Synopsis by Hans J. Wollstein
A troubled production that suffered from both severe cuts and retakes under a different director (Edward H. Griffith), this World War I melodrama fell far short of becoming another All Quiet on the Western Front (1930) as had obviously been the original intention. Told in flashbacks, the antiwar drama stars William Boyd as Sergeant Bill Thatcher, the head of an American battalion fighting for control of a French village. As Thatcher listens, three wounded soldiers under his command recall how they came to the battlefields of World War I: A farm boy, Bud (Russell Gleason), defied his mother (Mary Carr) and enlisted despite being the family's sole breadwinner; a New York playboy, trapped between two women, Ina (Marion Shilling), his newest conquest, and a former mistress, Lew (Lew Cody), sought the easy way out by enlisting; finally, Private Jim Mobley (James Gleason) tells the heartfelt story of how his wife, "Mademoiselle" Fritzi (ZaSu Pitts), a carnival knife thrower, got very upset when he decided to escape housekeeping duties by joining the army. Back on the battlefield, Jim finds Bill at the machine gun, where the latter finally tells his own story of how he came to hate his German-born fiancée, Katherine (Lissi Arna), when she warned him of the futility of war. Before blowing up a railroad bridge, Bill admits to Jim that he now fully understands Katherine's sentiments. Wounded in the battle, both soldiers end up in a German Red Cross hospital where Bill is reunited with Katherine.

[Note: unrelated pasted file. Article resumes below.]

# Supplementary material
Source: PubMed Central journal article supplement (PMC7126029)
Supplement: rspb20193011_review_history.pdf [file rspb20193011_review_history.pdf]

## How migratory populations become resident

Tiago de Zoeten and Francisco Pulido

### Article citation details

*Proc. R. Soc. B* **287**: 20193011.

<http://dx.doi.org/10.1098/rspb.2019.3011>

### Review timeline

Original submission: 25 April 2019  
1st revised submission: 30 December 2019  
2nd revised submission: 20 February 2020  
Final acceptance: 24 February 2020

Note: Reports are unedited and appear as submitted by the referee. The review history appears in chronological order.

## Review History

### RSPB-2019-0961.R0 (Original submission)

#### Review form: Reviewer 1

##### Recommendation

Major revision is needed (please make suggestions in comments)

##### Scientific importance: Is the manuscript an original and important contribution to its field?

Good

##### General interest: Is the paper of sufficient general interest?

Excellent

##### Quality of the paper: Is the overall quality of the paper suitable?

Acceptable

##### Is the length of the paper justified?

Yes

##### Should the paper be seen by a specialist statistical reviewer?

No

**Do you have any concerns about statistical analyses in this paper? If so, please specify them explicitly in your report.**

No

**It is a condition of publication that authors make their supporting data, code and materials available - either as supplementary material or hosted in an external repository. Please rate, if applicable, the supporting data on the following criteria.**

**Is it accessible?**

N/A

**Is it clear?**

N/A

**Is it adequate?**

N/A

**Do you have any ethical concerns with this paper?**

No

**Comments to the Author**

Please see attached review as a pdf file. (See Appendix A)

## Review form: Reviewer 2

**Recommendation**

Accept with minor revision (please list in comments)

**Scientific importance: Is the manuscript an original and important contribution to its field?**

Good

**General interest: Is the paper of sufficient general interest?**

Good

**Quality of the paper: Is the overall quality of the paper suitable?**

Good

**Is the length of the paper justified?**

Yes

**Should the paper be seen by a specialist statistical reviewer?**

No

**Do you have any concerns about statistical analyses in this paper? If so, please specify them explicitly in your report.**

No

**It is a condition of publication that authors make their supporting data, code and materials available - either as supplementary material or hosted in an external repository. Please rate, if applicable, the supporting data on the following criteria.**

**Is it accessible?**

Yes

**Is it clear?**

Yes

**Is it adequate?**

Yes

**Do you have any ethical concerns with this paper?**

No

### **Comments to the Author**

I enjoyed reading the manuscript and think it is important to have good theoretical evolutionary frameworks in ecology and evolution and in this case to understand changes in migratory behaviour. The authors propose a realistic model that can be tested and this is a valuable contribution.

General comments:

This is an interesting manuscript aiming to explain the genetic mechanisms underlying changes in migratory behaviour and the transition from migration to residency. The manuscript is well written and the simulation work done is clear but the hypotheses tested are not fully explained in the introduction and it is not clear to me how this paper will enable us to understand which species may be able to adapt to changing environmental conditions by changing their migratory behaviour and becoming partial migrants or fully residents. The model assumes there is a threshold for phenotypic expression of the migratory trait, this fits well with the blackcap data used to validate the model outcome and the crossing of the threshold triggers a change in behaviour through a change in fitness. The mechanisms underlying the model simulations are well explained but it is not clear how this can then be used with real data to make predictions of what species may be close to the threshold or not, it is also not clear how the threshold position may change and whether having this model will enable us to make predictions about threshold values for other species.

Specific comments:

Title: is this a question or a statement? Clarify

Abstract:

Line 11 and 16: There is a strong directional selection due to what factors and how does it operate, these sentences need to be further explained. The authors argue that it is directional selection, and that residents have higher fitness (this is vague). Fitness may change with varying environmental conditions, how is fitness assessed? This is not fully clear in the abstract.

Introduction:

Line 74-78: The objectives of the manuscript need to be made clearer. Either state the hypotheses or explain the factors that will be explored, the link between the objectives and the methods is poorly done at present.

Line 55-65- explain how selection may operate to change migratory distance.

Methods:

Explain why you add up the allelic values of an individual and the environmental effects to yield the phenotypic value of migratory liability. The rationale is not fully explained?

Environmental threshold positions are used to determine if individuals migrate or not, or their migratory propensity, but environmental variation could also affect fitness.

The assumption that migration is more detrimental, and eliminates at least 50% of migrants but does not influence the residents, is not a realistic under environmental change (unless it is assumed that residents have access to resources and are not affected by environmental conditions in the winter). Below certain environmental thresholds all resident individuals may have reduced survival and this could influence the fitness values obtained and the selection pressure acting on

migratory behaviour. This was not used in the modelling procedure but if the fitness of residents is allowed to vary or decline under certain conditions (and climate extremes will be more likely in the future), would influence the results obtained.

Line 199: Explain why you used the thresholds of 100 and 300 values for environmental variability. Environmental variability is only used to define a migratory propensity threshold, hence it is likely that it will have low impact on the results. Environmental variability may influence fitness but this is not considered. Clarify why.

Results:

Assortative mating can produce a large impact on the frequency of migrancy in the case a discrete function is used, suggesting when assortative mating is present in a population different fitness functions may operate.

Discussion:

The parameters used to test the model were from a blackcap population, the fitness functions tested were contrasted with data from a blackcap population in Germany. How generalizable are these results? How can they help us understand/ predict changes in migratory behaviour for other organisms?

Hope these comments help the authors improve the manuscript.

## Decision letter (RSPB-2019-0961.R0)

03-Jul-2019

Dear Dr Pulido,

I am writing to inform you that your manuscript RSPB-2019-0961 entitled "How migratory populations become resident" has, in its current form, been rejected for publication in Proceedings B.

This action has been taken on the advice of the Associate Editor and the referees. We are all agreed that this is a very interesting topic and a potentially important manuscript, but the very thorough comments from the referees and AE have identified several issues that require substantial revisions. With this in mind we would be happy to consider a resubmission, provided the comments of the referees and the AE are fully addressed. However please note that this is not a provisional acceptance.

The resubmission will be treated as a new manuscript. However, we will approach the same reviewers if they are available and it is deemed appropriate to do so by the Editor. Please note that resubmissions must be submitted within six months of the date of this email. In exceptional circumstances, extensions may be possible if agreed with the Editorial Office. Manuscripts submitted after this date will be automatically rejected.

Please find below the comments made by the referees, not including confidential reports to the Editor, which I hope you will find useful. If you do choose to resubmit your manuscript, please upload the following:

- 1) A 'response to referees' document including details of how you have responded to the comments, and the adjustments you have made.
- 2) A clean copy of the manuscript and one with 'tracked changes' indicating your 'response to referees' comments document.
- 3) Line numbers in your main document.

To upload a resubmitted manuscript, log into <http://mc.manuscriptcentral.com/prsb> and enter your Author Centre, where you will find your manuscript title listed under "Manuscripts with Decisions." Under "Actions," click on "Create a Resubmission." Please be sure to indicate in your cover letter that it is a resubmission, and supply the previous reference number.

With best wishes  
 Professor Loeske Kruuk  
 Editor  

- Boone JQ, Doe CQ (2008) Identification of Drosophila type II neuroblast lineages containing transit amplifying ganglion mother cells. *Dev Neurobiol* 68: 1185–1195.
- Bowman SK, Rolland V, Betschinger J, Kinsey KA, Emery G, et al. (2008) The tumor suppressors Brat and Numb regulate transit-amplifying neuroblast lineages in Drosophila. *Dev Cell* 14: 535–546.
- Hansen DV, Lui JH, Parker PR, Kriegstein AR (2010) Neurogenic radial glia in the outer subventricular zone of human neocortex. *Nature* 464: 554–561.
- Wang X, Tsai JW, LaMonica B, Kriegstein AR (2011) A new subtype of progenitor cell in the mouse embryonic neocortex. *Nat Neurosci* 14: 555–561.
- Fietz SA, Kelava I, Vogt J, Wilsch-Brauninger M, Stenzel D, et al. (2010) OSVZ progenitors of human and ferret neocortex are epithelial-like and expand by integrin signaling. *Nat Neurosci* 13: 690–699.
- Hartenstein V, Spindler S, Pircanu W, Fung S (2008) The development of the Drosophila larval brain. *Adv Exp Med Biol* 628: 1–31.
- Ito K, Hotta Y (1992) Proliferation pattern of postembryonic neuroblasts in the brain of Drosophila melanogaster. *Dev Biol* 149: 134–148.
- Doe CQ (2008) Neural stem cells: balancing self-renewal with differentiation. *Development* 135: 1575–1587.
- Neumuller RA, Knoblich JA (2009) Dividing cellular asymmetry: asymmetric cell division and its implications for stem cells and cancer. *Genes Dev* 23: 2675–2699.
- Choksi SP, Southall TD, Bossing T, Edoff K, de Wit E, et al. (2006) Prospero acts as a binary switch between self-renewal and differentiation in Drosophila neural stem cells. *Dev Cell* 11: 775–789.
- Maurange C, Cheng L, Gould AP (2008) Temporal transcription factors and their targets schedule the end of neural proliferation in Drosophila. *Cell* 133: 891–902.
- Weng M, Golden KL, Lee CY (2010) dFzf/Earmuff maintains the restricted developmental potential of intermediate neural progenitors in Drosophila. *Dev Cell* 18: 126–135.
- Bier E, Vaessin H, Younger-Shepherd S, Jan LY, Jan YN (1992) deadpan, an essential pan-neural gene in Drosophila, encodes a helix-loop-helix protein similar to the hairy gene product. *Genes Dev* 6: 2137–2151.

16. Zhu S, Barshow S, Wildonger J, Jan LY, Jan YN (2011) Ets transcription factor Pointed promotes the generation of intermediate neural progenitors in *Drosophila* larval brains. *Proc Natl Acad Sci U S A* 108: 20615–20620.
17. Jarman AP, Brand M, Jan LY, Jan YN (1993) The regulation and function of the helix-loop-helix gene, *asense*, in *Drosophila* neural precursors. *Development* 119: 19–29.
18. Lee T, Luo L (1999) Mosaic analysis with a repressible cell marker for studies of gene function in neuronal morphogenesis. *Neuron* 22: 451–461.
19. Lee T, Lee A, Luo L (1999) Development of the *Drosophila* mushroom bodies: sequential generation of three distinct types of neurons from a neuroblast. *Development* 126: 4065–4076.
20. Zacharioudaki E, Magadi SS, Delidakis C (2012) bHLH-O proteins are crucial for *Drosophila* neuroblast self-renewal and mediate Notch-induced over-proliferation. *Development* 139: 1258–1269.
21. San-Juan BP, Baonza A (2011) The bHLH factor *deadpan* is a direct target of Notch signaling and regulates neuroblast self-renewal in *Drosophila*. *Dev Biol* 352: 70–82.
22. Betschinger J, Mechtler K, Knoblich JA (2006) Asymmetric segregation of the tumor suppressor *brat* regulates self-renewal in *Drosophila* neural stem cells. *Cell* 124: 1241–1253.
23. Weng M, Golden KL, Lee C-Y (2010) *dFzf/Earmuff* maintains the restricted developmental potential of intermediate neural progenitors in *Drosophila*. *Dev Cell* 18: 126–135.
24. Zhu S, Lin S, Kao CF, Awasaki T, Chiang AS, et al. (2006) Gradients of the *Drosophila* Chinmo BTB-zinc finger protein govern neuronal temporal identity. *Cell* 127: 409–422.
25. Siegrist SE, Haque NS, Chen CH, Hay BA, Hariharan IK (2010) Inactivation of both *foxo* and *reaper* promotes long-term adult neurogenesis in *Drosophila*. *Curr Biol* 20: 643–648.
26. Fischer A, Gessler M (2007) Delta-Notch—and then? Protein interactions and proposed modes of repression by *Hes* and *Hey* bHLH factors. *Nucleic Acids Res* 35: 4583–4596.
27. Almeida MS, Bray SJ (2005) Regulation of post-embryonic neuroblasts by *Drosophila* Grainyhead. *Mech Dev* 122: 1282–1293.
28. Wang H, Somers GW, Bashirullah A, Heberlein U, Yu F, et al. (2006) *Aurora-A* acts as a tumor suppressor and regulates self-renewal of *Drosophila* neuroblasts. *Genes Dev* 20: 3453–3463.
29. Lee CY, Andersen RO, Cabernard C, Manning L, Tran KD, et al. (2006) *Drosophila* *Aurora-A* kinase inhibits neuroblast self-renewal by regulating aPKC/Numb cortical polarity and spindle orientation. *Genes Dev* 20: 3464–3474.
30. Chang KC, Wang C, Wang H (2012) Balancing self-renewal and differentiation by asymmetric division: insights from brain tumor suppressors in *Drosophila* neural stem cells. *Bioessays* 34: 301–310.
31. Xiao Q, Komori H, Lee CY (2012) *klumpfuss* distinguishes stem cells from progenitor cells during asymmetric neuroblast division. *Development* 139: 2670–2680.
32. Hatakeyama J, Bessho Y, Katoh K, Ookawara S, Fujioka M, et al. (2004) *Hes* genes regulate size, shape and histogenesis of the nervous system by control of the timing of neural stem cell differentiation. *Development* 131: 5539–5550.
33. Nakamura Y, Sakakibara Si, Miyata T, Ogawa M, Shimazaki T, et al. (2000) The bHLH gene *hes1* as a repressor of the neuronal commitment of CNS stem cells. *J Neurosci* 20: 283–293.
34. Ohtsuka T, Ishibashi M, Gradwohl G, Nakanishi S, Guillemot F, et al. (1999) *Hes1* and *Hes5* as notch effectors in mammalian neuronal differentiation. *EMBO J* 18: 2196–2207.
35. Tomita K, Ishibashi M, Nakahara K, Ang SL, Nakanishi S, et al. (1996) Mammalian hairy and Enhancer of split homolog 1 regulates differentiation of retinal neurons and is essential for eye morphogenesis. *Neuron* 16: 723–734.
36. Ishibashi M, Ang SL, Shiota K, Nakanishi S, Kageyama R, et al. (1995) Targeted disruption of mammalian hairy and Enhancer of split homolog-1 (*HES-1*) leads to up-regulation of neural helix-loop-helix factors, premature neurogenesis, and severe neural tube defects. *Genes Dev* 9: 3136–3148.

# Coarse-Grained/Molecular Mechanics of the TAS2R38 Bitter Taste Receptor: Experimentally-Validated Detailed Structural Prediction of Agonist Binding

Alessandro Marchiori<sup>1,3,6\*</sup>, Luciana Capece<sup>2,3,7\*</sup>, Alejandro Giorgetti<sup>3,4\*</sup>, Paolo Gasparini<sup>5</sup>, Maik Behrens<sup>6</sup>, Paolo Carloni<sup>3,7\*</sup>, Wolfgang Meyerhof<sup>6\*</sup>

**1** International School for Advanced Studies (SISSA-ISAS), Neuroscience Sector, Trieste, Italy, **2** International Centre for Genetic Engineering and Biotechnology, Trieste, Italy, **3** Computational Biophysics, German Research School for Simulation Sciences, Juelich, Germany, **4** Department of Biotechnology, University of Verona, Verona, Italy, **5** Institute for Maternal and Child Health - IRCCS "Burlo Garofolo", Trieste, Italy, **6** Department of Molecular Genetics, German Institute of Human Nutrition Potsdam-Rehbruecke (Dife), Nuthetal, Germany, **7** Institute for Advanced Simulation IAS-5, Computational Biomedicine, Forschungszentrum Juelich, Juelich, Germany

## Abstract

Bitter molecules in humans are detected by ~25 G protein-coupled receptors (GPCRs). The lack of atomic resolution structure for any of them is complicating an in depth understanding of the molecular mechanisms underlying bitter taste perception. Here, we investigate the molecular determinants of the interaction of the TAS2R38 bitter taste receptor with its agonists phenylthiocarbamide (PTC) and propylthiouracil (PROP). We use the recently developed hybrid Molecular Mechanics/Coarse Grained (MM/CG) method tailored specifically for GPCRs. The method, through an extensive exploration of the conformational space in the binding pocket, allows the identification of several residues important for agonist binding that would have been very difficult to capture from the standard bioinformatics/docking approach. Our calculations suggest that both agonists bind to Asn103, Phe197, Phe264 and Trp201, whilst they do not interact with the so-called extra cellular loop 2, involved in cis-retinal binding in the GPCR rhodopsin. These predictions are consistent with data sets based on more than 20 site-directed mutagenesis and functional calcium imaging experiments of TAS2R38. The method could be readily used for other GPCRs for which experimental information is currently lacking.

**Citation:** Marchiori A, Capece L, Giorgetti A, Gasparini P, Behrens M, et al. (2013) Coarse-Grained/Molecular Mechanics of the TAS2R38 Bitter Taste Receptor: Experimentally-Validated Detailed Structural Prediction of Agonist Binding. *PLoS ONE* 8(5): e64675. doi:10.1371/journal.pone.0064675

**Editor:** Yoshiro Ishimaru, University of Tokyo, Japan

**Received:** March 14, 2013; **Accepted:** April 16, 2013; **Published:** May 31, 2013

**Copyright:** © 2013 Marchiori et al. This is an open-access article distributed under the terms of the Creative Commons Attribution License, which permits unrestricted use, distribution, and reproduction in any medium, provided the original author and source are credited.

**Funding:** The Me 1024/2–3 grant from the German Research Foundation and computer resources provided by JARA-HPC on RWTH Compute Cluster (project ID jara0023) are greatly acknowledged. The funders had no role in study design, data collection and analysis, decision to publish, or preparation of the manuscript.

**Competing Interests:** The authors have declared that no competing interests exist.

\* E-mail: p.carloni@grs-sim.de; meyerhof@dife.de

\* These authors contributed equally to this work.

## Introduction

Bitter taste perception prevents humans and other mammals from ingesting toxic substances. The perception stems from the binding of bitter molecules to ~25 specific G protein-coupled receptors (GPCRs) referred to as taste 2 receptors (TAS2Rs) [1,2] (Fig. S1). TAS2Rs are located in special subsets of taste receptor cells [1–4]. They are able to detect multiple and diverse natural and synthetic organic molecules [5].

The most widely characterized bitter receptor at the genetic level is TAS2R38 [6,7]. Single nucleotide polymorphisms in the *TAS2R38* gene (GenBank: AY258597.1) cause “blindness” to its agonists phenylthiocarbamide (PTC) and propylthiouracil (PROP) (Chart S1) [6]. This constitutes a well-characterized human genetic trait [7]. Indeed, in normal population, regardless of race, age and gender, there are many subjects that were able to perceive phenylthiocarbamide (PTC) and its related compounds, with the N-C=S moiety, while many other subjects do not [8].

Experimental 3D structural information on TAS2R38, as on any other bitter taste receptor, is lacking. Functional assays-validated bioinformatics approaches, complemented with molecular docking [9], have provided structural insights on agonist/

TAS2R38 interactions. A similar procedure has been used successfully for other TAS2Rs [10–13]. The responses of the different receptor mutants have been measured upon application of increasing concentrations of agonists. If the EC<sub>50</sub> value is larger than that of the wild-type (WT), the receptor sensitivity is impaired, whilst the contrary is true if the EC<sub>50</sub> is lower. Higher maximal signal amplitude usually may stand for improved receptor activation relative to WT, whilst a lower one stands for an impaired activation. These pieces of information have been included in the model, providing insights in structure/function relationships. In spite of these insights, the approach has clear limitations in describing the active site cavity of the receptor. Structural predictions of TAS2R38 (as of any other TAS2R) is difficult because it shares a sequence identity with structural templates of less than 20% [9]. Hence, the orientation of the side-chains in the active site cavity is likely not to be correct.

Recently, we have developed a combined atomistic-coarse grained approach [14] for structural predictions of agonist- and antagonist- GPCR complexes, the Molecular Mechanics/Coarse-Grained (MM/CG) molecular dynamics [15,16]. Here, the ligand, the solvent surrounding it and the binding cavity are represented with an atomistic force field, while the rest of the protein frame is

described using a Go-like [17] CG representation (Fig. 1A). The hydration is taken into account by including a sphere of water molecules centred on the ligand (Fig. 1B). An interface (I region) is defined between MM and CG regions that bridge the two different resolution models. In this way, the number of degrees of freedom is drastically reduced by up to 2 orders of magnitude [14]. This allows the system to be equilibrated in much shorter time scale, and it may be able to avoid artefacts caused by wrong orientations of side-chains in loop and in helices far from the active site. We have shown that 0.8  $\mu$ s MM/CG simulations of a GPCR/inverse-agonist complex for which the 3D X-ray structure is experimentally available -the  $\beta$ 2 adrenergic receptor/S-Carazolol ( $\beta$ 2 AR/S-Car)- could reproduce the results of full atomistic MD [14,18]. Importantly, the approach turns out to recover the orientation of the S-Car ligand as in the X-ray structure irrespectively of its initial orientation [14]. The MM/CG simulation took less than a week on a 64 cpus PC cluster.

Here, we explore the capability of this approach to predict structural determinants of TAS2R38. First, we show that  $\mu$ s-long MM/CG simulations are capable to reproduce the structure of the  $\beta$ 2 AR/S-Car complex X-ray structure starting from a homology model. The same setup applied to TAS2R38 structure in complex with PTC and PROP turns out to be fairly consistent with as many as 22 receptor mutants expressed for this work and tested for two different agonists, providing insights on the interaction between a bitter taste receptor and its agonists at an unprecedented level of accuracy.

war, woman, front-line, home, love, military, soldier